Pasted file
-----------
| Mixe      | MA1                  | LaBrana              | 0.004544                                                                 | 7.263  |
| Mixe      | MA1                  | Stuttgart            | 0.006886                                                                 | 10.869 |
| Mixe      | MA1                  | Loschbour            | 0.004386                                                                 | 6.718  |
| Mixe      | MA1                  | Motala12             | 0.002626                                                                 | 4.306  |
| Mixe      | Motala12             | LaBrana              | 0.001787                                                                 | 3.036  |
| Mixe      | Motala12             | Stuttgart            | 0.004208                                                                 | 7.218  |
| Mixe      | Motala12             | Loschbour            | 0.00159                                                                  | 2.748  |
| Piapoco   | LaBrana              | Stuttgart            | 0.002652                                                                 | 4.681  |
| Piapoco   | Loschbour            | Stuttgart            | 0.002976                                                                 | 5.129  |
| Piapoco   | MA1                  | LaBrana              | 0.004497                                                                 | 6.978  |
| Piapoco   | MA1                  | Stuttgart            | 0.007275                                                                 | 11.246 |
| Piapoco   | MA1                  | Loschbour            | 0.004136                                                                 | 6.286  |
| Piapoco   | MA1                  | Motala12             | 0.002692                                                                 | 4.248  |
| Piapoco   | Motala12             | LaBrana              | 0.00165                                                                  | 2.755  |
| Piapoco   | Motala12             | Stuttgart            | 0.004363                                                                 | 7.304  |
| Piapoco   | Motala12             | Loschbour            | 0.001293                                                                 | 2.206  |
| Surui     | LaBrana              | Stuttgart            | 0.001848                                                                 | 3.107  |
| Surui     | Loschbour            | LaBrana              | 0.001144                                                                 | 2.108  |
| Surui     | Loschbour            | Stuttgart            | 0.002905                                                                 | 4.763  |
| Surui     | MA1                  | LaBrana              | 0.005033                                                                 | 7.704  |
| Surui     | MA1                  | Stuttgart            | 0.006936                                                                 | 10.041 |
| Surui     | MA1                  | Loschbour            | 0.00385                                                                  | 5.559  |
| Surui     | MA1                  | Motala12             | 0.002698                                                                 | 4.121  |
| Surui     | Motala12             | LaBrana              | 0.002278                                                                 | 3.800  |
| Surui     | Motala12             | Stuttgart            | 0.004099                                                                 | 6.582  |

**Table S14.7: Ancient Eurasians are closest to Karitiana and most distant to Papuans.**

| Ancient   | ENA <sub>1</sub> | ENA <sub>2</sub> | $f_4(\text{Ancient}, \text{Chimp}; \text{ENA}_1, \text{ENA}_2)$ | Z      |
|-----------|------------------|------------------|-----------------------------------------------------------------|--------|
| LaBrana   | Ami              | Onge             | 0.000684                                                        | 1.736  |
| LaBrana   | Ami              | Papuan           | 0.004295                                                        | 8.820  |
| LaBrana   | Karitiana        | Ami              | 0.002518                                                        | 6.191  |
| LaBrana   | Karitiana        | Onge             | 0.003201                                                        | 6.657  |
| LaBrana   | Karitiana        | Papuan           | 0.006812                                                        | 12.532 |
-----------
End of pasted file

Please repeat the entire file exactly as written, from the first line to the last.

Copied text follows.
| Mixe      | MA1                  | LaBrana              | 0.004544                                                                 | 7.263  |
| Mixe      | MA1                  | Stuttgart            | 0.006886                                                                 | 10.869 |
| Mixe      | MA1                  | Loschbour            | 0.004386                                                                 | 6.718  |
| Mixe      | MA1                  | Motala12             | 0.002626                                                                 | 4.306  |
| Mixe      | Motala12             | LaBrana              | 0.001787                                                                 | 3.036  |
| Mixe      | Motala12             | Stuttgart            | 0.004208                                                                 | 7.218  |
| Mixe      | Motala12             | Loschbour            | 0.00159                                                                  | 2.748  |
| Piapoco   | LaBrana              | Stuttgart            | 0.002652                                                                 | 4.681  |
| Piapoco   | Loschbour            | Stuttgart            | 0.002976                                                                 | 5.129  |
| Piapoco   | MA1                  | LaBrana              | 0.004497                                                                 | 6.978  |
| Piapoco   | MA1                  | Stuttgart            | 0.007275                                                                 | 11.246 |
| Piapoco   | MA1                  | Loschbour            | 0.004136                                                                 | 6.286  |
| Piapoco   | MA1                  | Motala12             | 0.002692                                                                 | 4.248  |
| Piapoco   | Motala12             | LaBrana              | 0.00165                                                                  | 2.755  |
| Piapoco   | Motala12             | Stuttgart            | 0.004363                                                                 | 7.304  |
| Piapoco   | Motala12             | Loschbour            | 0.001293                                                                 | 2.206  |
| Surui     | LaBrana              | Stuttgart            | 0.001848                                                                 | 3.107  |
| Surui     | Loschbour            | LaBrana              | 0.001144                                                                 | 2.108  |
| Surui     | Loschbour            | Stuttgart            | 0.002905                                                                 | 4.763  |
| Surui     | MA1                  | LaBrana              | 0.005033                                                                 | 7.704  |
| Surui     | MA1                  | Stuttgart            | 0.006936                                                                 | 10.041 |
| Surui     | MA1                  | Loschbour            | 0.00385                                                                  | 5.559  |
| Surui     | MA1                  | Motala12             | 0.002698                                                                 | 4.121  |
| Surui     | Motala12             | LaBrana              | 0.002278                                                                 | 3.800  |
| Surui     | Motala12             | Stuttgart            | 0.004099                                                                 | 6.582  |

**Table S14.7: Ancient Eurasians are closest to Karitiana and most distant to Papuans.**

| Ancient   | ENA <sub>1</sub> | ENA <sub>2</sub> | $f_4(\text{Ancient}, \text{Chimp}; \text{ENA}_1, \text{ENA}_2)$ | Z      |
|-----------|------------------|------------------|-----------------------------------------------------------------|--------|
| LaBrana   | Ami              | Onge             | 0.000684                                                        | 1.736  |
| LaBrana   | Ami              | Papuan           | 0.004295                                                        | 8.820  |
| LaBrana   | Karitiana        | Ami              | 0.002518                                                        | 6.191  |
| LaBrana   | Karitiana        | Onge             | 0.003201                                                        | 6.657  |
| LaBrana   | Karitiana        | Papuan           | 0.006812                                                        | 12.532 |